The New Bazaar


When talent is no longer wasted

Season 1, Ep. 9

In 1960, only six percent of all the doctors and lawyers in the country were either women (of all races and ethnicities) or men of color. All the rest -- the overwhelming majority -- were white men. Fast forward half a century. By the year 2010, women and nonwhite men were 38 percent of doctors and lawyers. A similar integration occurred in other high-paying professions that required college and post-graduate degrees. 

According to a paper by economist Chang-Tai Hsieh and his co-authors, this deepening integration accounted for an astonishing 40 percent of the per-capita economic growth in the country during this period. Like much of Chang-Tai’s other work, this paper is about what happens when people are finally able to apply their talents in ways that best take advantage of those talents -- and what a tragedy it is, for all of us, when they can’t.  

And that’s why this story is not entirely a happy one. Mainly because there is so much progress that is still left to be made. But also because the progress that was being made appears to be slowing down. And for some people, it might even be reversing. 

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More Episodes


Upending Wall Street

Season 1, Ep. 48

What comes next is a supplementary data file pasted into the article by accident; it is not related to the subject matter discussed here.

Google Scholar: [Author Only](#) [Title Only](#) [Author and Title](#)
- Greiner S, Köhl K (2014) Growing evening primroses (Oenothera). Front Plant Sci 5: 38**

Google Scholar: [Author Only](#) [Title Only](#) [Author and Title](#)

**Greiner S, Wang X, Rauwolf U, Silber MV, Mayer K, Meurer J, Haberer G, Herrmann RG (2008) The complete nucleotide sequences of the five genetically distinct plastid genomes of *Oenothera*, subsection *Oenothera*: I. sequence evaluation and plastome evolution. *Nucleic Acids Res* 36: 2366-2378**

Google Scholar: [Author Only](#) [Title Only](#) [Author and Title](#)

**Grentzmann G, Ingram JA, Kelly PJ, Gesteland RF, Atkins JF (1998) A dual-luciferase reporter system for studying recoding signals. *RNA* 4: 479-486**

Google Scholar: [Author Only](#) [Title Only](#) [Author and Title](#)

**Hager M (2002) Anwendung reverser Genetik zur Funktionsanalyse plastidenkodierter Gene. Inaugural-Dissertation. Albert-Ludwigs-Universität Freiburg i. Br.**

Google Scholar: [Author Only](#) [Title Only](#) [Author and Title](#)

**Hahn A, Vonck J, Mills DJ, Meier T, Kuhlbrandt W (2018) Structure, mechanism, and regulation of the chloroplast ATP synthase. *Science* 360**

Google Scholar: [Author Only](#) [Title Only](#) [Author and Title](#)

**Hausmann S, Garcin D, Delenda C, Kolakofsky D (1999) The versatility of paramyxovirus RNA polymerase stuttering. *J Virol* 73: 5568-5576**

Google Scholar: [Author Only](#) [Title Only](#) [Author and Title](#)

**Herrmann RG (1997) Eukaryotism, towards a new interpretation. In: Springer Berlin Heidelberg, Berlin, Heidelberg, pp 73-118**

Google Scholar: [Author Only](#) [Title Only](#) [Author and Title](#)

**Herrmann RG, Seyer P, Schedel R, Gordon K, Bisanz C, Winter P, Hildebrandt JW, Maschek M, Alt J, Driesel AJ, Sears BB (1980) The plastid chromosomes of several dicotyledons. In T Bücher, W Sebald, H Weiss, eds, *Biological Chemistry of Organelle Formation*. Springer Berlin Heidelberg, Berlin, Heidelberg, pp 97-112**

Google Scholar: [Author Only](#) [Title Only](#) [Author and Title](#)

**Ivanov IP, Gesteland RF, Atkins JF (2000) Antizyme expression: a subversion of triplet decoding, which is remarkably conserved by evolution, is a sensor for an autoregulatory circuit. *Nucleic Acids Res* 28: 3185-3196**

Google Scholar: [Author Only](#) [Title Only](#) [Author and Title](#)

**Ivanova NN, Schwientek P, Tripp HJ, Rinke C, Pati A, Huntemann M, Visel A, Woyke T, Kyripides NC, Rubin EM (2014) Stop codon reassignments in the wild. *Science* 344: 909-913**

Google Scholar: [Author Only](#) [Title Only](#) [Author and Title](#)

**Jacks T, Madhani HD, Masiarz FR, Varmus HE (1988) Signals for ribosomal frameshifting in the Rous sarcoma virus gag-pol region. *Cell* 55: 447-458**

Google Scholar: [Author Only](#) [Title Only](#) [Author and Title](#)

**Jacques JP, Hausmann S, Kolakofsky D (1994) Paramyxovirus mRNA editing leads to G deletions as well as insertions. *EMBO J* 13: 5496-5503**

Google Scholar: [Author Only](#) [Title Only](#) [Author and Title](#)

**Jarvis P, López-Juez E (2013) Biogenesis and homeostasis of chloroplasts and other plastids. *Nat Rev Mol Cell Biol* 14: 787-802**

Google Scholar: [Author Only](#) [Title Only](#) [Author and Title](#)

Dakin Campbell is the chief finance correspondent at Insider and, full disclosure, Cardiff's close friend. He joins Cardiff on the show to discuss his new book, “Going Public: How Silicon Valley Rebels Loosened Wall Street’s Grip on the IPO and Sparked a Revolution”.When a company is relatively young… let’s say it’s a startup, and it is privately owned… the owners are usually some combination of the company’s founders, and venture capitalists who bet on the company, and maybe early employees who get paid in shares of the company as opposed to just getting a salary. And at some point, a private company like this can decide to go public. In other words, to list on the stock market so that you and I and anybody can buy and sell its stock. And so that the company itself can raise money to fund itself, and to give those founders and employees with early shares a place to sell them and cash in. When a private company wants to raise new money and give its existing shareholders a place to sell their shares, it can hire investment banks to start the process of going public and listing on a stock exchange. That process, of course, is the IPO, or initial public offering. Dakin’s book is about how a lot of private companies through the years have not loved the way that process works. These companies have often been skeptical that the IPO process works as well for them as for the investment banks that they themselves hire. And yet, the traditional IPO model also did not change meaningfully for decades, at least not for the biggest and most prominent companies trying to go public. There were occasional one-off attempts to challenge the model, as when Google went public via auction in 2004. But it wasn’t until just about four years ago that a company, Spotify, not only tried a different model but also kicked off a new trend—one that’s still early, but which seems like it’s here to stay. And as you’ll hear in the chat, Dakin’s book is also about why getting this process right matters not just for the companies that want to go public and for Wall Street, but also for people who want a chance to participate financially in the economy.Related links: "Going Public" book pageDakin Campbell stories at Insider